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Top Photographers Answer, “What Makes a Good Photograph?”

Today I discovered a new website to inspire my travels.  Michael Hodson imparts tales about his travels around the world in well written articles with great photos.  I want to share with you the following article which contains tips on travel photography.  Well, any photography, really.

Reblogged from Top Photographers Answer, “What Makes a Good Photograph?” at Go See Write.

What makes a good photograph? Why do some photos succeed while others fail? I often look in awe at other photographers’ images from the places I’ve been and think, “how did they see that?”

I went out into the online world in search of answers. How did they see that, and can you and I see it too?

THE QUESTION.

I asked some my favorite photographers one question,

“What is the most important element of a good photograph?”

The format was completely open ended; the photographers were free to include as much or as little as they wanted.

THE ANSWERS.

The shooting styles and photographic resumes of these photographers vary greatly, but they all have one thing in common: their work inspires me. Their photographs are beautiful to look at, they’re deeply emotive, and they drive me to become better. I highly recommend taking a look at each of their sites and following them as I do. After all, who better to learn from than the people who inspire us?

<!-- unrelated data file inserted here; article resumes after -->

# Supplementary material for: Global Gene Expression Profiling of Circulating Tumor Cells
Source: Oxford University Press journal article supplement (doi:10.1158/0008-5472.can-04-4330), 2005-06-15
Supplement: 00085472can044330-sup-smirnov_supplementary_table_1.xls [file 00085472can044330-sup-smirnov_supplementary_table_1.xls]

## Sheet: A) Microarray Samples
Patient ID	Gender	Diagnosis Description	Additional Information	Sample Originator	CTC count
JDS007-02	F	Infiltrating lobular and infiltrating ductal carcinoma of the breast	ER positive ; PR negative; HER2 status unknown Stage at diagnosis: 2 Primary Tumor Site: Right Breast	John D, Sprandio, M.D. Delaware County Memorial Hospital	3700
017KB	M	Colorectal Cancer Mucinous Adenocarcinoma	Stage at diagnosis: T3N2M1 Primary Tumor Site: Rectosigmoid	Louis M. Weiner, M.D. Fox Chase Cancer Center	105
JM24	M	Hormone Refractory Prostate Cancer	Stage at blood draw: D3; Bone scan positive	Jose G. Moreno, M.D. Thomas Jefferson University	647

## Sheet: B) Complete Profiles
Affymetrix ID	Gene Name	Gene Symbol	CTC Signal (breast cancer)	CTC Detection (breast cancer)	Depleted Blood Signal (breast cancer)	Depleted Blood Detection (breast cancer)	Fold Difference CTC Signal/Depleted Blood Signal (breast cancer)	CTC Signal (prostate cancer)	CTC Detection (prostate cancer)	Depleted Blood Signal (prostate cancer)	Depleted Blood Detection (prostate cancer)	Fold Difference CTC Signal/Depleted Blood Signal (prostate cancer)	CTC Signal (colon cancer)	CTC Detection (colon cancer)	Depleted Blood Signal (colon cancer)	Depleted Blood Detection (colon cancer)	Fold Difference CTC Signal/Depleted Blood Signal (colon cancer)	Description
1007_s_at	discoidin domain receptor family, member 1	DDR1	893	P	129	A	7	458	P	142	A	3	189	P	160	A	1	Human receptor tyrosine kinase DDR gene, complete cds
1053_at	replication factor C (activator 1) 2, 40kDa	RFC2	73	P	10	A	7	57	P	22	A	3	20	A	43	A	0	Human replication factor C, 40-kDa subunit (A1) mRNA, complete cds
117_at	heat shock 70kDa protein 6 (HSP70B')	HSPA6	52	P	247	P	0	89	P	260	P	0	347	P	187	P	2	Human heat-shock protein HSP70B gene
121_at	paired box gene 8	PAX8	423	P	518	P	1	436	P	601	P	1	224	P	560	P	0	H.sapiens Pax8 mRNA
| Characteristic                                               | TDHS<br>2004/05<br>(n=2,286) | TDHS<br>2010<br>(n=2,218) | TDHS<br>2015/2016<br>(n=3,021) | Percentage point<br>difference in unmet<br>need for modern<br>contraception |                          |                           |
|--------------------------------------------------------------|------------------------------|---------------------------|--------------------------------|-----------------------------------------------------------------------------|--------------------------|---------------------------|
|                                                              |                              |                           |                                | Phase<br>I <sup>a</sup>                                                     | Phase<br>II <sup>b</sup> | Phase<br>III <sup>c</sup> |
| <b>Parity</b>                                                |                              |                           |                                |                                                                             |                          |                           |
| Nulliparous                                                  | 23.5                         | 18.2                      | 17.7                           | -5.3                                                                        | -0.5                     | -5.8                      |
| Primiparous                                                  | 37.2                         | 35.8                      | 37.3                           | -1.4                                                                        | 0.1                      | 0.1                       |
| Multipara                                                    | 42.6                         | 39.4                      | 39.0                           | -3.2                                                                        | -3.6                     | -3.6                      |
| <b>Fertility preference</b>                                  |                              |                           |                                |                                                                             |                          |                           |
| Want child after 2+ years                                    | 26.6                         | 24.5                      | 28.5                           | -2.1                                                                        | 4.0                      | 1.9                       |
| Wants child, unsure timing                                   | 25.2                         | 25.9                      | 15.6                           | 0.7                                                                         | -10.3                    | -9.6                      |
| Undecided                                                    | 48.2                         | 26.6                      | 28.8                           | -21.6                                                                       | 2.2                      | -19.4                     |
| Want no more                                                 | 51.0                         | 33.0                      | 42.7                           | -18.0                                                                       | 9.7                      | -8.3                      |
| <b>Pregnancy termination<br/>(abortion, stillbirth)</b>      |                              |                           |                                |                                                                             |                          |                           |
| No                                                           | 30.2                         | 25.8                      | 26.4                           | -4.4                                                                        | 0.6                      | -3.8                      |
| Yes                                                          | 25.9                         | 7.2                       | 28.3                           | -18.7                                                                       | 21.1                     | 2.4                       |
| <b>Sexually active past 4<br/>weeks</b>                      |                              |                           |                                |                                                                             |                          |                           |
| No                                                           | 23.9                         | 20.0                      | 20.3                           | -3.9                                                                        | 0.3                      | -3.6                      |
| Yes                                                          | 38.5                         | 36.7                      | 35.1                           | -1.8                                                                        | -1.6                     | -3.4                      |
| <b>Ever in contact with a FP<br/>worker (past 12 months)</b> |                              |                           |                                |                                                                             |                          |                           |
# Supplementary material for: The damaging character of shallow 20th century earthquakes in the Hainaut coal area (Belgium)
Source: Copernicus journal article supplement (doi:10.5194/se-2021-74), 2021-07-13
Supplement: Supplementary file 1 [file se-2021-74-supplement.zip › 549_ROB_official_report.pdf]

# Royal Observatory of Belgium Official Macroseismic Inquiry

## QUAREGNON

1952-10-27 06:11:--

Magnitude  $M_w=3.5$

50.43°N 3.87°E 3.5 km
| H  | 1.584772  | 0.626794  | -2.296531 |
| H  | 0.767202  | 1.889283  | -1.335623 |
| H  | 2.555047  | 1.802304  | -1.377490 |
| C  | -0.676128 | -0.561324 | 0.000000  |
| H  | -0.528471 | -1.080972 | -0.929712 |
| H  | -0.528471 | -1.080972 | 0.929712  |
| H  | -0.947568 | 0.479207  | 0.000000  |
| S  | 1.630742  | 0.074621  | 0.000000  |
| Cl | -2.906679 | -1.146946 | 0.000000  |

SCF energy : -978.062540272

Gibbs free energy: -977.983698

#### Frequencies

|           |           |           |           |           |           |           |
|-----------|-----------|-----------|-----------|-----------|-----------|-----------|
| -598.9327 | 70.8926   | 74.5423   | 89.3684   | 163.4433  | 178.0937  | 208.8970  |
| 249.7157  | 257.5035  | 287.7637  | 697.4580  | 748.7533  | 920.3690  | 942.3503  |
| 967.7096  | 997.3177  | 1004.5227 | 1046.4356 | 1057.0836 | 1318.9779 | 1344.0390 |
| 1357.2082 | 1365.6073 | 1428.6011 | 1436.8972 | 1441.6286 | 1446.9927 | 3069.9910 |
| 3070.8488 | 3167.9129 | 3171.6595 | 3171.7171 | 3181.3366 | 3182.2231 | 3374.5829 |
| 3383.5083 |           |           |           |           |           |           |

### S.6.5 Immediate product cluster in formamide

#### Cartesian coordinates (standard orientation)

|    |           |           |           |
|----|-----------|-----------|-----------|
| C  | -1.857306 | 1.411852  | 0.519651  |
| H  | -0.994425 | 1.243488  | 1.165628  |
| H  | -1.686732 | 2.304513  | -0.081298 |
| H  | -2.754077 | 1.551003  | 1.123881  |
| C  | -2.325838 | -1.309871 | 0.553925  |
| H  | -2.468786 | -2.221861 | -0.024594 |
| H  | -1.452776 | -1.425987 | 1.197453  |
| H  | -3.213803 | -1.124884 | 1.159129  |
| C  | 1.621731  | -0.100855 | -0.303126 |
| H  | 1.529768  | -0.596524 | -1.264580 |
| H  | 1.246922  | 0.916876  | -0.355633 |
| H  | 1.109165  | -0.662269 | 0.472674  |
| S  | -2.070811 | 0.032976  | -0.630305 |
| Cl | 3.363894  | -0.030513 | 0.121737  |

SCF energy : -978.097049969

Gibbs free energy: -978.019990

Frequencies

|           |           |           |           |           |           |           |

Presenting the photographers and their answers:

JUSTIN MOTT

“I always teach my workshop students you want someone to feel something, some sort of an emotion when they look at your images. That could be curiosity, anger, sadness, happiness, etc. The most important element of a photo to me is it’s ability to evoke emotion.”Burma by Justin Mott

Justin is an award winning photographer. He’s worked with The New York Times, Newsweek, Time, Forbes, Conde Nast Traveler, and National Geographic Traveler, just to name a few. Read more about Justin and view his breathtaking work at http://www.justinmott.com/

TANVEER BADAL